Other useful nucleating agents include the sodium or potassium salts of carboxyl containing organic polymers, such as copolymers of olefins and acrylic or methacrylic acids, or copolymers of aromatic olefins and maleic anhydride. This class of nucleants includes the sodium or potassium salt of stearic acid; the sodium or potassium salt of ethylene/methacrylic acid copolymers (including both wholly or partially neutralized salts e.g., at least about 30% neutralized), the sodium salt of styrene/maleic anhydride copolymers (including both wholly or partially neutralized salts e.g., at least about 30% neutralized) and sodium versatate. In the copolymers listed above, the olefin or aromatic olefin moiety ordinarily comprises 50-98 percent by weight of the copolymer, and preferably 80-98 percent.
The process of the present invention is directed to the use of resin comprising the polyester and nucleating agent described above. In the present invention, waxes or similar type fillers added to the resin must be specifically chosen to retain clarity. It has been found that most additives are detrimental to the optical properties of the final molded product. Generally speaking, the additive should either be: 1. miscible with the PET base polymer; or 2. provide a final composition with an index of refraction which is within about 0.01 of the index of refraction of the base polyester.
To obtain a clear transparent product based upon crystallized polyester, the polymer must be oriented prior to the onset of crystallization. The orientation (of the polyester) results in the formation of elongated crystallites. Such elongated crystallites allow incident light to pass without substantial diffraction resulting in a clear, transparent, crystallized product.
It is theorized that when the polyester resin compositions of the present invention are sufficiently oriented prior to crystallization, the crystallites (which are formed during orientation and on subsequent, controlled heat set) are elongated rather than spherulitic. These polyester crystallites have been found to allow incident light to pass through without significant diffraction, thereby resulting in clear, transparent articles which are stable to temperatures approaching the melting point of the unoriented polyester.
The crystallization of unoriented polyesters, in the presence or absence of crystallization promoters, will yield a spherulitic crystalline morphology, i.e., spherulitic crystallites which diffract light, thereby causing the crystallized polyester to become opaque.
In the absence of a crystallization nucleant, polyesters crystallize too slowly for practical, economical processing. The present invention is directed to the innovative discovery that orientable polyester polymers nucleated with compatible (polyester-based and/or sodium or potassium salts of hydrocarbon acids) nucleants can be oriented and crystallized at economically practical rates, (thermoforming cycle times of from about 5 to 11 seconds are typical) to produce clear, transparent articles over a wide range of nucleant concentrations. Conventional additives, such as most waxes, inorganic particles, such as silicon oxides, titanium dioxide and the like, and incompatible organic materials generally cause unwanted light scattering which inhibits transparency and clarity and generally causes a final article to be cloudy or opaque. The resin compounds of the present invention are substantially devoid of such light-scattering components. Translucent colorants can be used and the clarity of the article retained. Additives which do scatter incident light when incorporated in the base resin can be used, but the product will be cloudy or opaque.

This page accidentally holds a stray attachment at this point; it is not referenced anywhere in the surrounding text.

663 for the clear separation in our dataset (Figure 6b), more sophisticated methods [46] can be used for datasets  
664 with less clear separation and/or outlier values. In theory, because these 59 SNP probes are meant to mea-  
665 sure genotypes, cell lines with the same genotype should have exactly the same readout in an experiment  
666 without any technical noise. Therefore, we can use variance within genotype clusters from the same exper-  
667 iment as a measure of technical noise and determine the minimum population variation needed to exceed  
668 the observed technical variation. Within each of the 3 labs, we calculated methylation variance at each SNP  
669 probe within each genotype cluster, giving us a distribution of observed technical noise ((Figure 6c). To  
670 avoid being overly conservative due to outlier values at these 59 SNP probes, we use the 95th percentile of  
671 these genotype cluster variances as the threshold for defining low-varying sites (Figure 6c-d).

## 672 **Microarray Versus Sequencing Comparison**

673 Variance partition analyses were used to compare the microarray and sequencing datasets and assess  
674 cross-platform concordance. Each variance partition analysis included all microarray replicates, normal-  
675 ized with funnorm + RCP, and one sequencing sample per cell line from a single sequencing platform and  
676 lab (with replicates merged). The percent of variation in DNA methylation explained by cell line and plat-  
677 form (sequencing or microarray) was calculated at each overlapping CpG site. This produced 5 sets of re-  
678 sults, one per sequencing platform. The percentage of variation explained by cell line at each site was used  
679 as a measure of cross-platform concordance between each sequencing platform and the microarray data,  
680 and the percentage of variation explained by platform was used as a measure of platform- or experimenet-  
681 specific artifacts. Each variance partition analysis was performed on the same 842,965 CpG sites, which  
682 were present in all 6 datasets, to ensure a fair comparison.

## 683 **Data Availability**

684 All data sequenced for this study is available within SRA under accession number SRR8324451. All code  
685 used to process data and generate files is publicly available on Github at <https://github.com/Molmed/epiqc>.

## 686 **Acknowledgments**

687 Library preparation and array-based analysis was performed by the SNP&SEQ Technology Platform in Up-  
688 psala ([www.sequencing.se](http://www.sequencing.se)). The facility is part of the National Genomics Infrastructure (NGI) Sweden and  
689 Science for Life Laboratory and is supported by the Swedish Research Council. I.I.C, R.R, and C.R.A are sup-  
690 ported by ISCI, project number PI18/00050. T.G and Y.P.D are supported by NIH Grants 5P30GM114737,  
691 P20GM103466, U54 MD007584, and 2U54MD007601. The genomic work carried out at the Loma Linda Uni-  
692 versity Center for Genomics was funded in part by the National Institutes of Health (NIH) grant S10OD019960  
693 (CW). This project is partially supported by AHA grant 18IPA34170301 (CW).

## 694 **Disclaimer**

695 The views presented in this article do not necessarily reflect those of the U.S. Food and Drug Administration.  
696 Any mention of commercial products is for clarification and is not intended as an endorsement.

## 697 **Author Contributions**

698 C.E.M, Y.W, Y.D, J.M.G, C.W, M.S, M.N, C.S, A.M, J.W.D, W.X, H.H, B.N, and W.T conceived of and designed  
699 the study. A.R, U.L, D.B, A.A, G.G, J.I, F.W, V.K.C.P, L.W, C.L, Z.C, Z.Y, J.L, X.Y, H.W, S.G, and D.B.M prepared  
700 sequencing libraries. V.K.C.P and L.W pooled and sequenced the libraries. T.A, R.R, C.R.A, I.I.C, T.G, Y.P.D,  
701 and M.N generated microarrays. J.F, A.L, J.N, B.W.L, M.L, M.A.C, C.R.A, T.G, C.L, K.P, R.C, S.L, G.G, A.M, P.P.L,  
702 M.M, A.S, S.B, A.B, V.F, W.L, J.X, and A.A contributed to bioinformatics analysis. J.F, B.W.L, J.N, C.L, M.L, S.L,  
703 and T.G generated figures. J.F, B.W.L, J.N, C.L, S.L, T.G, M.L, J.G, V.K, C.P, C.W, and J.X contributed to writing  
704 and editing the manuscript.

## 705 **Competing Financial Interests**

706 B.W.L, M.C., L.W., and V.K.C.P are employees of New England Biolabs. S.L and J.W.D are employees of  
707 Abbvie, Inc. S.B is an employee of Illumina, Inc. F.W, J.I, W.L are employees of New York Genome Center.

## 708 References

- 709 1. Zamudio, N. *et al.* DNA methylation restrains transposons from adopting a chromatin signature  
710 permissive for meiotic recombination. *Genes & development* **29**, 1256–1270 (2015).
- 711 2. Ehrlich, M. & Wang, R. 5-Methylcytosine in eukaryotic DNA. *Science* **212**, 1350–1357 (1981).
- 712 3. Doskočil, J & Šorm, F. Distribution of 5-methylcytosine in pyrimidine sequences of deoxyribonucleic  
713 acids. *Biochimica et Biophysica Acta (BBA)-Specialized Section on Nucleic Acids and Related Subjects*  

The polyester compositions of the present invention can be thermorformed or otherwise heat processed by conventional (or non-conventional) processes, provided the process includes an orientation step prior to a forming step. The oriented formed article can then be heat set by conventional or non-conventional methods. Such processing of the resins of the present invention encompasses practical and commercially useful cycle times and produces heat resistant, clear, transparent polyester article.
Articles can be manufactured using the resin compositions and orientation/heat set processes of the present invention. The particular articles of manufacture for the present invention include thin-walled thermoformed polyester articles.
After the forming process, the article is preferably annealed or heat-set under restraint. The annealing or heat-setting is the known technique of heating the article so as to develop the crystallinity and minimize amorphous orientation. This is performed while the article is restrained, preferably in the mold itself, so that its desired shape is maintained. This heat setting must be done at a temperature of at least 93° C. and preferably between 135° C.-190° C. The heat setting conditions should be selected on the basis of the appropriate degree of crystallinity and thermal stability desired.
|Patente citada||Fecha de presentación||Fecha de publicación||Solicitante||Título|
|US3435093 *||17 Dic 1965||25 Mar 1969||Du Pont||Polymer blends of polyethylene terephthalate and alpha-olefin,alpha,beta-unsaturated carboxylic acid copolymers|
|US3516957 *||29 Abr 1968||23 Jun 1970||Eastman Kodak Co||Thermoplastic polyester composition containing organic ester mold release agent|
|US3639527 *||8 Ago 1968||1 Feb 1972||Hoechst Ag||Polyester-ionic copolymer thermoplastic moulding compositions|
|US3960807 *||30 Sep 1974||1 Jun 1976||Minnesota Mining And Manufacturing Company||Thermoformed polyester articles having impact resistance and high temperature dimensional stability|
|US4336343 *||25 Jun 1981||22 Jun 1982||Morris Township, Morris County||Polyester molding compositions having increased crystallization temperatures|